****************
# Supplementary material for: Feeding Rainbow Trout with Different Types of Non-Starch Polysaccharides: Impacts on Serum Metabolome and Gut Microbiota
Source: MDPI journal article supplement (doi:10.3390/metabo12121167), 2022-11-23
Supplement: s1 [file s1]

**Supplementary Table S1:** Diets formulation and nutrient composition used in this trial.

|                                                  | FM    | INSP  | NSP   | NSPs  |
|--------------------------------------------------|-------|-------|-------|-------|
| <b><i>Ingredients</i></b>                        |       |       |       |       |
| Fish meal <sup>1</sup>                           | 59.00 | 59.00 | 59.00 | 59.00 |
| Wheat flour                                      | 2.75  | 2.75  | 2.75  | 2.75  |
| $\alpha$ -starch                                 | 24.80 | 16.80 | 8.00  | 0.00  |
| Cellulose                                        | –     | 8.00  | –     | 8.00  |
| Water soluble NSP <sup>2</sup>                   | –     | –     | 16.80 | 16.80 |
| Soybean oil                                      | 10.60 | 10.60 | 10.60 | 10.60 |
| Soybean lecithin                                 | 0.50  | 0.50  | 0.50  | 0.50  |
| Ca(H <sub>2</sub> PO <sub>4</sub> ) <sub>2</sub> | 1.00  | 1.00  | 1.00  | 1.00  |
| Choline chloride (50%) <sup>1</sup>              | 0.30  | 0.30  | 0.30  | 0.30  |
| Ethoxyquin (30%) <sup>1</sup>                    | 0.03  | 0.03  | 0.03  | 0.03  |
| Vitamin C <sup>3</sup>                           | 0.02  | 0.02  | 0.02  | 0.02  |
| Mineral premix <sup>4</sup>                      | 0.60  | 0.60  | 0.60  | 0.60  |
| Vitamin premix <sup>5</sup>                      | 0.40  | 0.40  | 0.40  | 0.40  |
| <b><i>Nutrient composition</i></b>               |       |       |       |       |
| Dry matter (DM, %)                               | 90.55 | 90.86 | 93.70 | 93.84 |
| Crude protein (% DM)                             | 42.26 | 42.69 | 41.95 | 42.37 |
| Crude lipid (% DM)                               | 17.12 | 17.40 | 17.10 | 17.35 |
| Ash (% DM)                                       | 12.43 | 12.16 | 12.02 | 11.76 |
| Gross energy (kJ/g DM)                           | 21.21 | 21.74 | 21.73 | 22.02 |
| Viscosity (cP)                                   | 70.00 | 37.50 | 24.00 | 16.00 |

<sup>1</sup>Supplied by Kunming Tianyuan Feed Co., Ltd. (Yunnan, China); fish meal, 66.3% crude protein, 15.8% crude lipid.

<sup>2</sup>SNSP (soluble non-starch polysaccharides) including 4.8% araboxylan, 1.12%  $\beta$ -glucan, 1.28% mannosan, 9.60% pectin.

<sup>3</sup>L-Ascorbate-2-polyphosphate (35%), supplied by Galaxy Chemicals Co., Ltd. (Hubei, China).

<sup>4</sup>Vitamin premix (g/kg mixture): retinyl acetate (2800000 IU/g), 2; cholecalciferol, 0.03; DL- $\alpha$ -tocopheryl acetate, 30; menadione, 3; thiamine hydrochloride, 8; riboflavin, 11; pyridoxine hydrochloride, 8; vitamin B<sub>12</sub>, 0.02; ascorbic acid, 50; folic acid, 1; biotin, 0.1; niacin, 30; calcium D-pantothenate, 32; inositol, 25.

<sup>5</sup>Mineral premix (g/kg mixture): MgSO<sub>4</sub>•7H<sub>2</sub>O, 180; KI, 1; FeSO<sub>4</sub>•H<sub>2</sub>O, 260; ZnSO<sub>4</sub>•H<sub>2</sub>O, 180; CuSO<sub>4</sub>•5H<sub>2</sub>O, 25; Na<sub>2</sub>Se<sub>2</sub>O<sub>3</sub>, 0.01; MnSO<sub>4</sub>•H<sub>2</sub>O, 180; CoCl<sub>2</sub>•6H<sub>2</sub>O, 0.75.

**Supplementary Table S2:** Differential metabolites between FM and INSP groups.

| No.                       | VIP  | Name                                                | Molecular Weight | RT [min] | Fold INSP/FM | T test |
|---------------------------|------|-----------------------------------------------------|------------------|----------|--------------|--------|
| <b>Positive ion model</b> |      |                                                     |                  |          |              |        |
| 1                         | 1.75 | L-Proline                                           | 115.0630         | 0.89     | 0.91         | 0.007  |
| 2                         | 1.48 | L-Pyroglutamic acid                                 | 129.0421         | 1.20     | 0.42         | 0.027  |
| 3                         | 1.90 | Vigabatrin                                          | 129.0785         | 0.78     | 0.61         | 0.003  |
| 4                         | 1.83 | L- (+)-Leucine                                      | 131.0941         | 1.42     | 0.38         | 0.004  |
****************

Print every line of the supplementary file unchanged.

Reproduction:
# Supplementary material for: Feeding Rainbow Trout with Different Types of Non-Starch Polysaccharides: Impacts on Serum Metabolome and Gut Microbiota
Source: MDPI journal article supplement (doi:10.3390/metabo12121167), 2022-11-23
Supplement: s1 [file s1]

**Supplementary Table S1:** Diets formulation and nutrient composition used in this trial.

|                                                  | FM    | INSP  | NSP   | NSPs  |
|--------------------------------------------------|-------|-------|-------|-------|
| <b><i>Ingredients</i></b>                        |       |       |       |       |
| Fish meal <sup>1</sup>                           | 59.00 | 59.00 | 59.00 | 59.00 |
| Wheat flour                                      | 2.75  | 2.75  | 2.75  | 2.75  |
| $\alpha$ -starch                                 | 24.80 | 16.80 | 8.00  | 0.00  |
| Cellulose                                        | –     | 8.00  | –     | 8.00  |
| Water soluble NSP <sup>2</sup>                   | –     | –     | 16.80 | 16.80 |
| Soybean oil                                      | 10.60 | 10.60 | 10.60 | 10.60 |
| Soybean lecithin                                 | 0.50  | 0.50  | 0.50  | 0.50  |
| Ca(H <sub>2</sub> PO <sub>4</sub> ) <sub>2</sub> | 1.00  | 1.00  | 1.00  | 1.00  |
| Choline chloride (50%) <sup>1</sup>              | 0.30  | 0.30  | 0.30  | 0.30  |
| Ethoxyquin (30%) <sup>1</sup>                    | 0.03  | 0.03  | 0.03  | 0.03  |
| Vitamin C <sup>3</sup>                           | 0.02  | 0.02  | 0.02  | 0.02  |
| Mineral premix <sup>4</sup>                      | 0.60  | 0.60  | 0.60  | 0.60  |
| Vitamin premix <sup>5</sup>                      | 0.40  | 0.40  | 0.40  | 0.40  |
| <b><i>Nutrient composition</i></b>               |       |       |       |       |
| Dry matter (DM, %)                               | 90.55 | 90.86 | 93.70 | 93.84 |
| Crude protein (% DM)                             | 42.26 | 42.69 | 41.95 | 42.37 |
| Crude lipid (% DM)                               | 17.12 | 17.40 | 17.10 | 17.35 |
| Ash (% DM)                                       | 12.43 | 12.16 | 12.02 | 11.76 |
| Gross energy (kJ/g DM)                           | 21.21 | 21.74 | 21.73 | 22.02 |
| Viscosity (cP)                                   | 70.00 | 37.50 | 24.00 | 16.00 |

<sup>1</sup>Supplied by Kunming Tianyuan Feed Co., Ltd. (Yunnan, China); fish meal, 66.3% crude protein, 15.8% crude lipid.

<sup>2</sup>SNSP (soluble non-starch polysaccharides) including 4.8% araboxylan, 1.12%  $\beta$ -glucan, 1.28% mannosan, 9.60% pectin.

<sup>3</sup>L-Ascorbate-2-polyphosphate (35%), supplied by Galaxy Chemicals Co., Ltd. (Hubei, China).

<sup>4</sup>Vitamin premix (g/kg mixture): retinyl acetate (2800000 IU/g), 2; cholecalciferol, 0.03; DL- $\alpha$ -tocopheryl acetate, 30; menadione, 3; thiamine hydrochloride, 8; riboflavin, 11; pyridoxine hydrochloride, 8; vitamin B<sub>12</sub>, 0.02; ascorbic acid, 50; folic acid, 1; biotin, 0.1; niacin, 30; calcium D-pantothenate, 32; inositol, 25.

<sup>5</sup>Mineral premix (g/kg mixture): MgSO<sub>4</sub>•7H<sub>2</sub>O, 180; KI, 1; FeSO<sub>4</sub>•H<sub>2</sub>O, 260; ZnSO<sub>4</sub>•H<sub>2</sub>O, 180; CuSO<sub>4</sub>•5H<sub>2</sub>O, 25; Na<sub>2</sub>Se<sub>2</sub>O<sub>3</sub>, 0.01; MnSO<sub>4</sub>•H<sub>2</sub>O, 180; CoCl<sub>2</sub>•6H<sub>2</sub>O, 0.75.

**Supplementary Table S2:** Differential metabolites between FM and INSP groups.

| No.                       | VIP  | Name                                                | Molecular Weight | RT [min] | Fold INSP/FM | T test |
|---------------------------|------|-----------------------------------------------------|------------------|----------|--------------|--------|
| <b>Positive ion model</b> |      |                                                     |                  |          |              |        |
| 1                         | 1.75 | L-Proline                                           | 115.0630         | 0.89     | 0.91         | 0.007  |
| 2                         | 1.48 | L-Pyroglutamic acid                                 | 129.0421         | 1.20     | 0.42         | 0.027  |
| 3                         | 1.90 | Vigabatrin                                          | 129.0785         | 0.78     | 0.61         | 0.003  |
| 4                         | 1.83 | L- (+)-Leucine                                      | 131.0941         | 1.42     | 0.38         | 0.004  |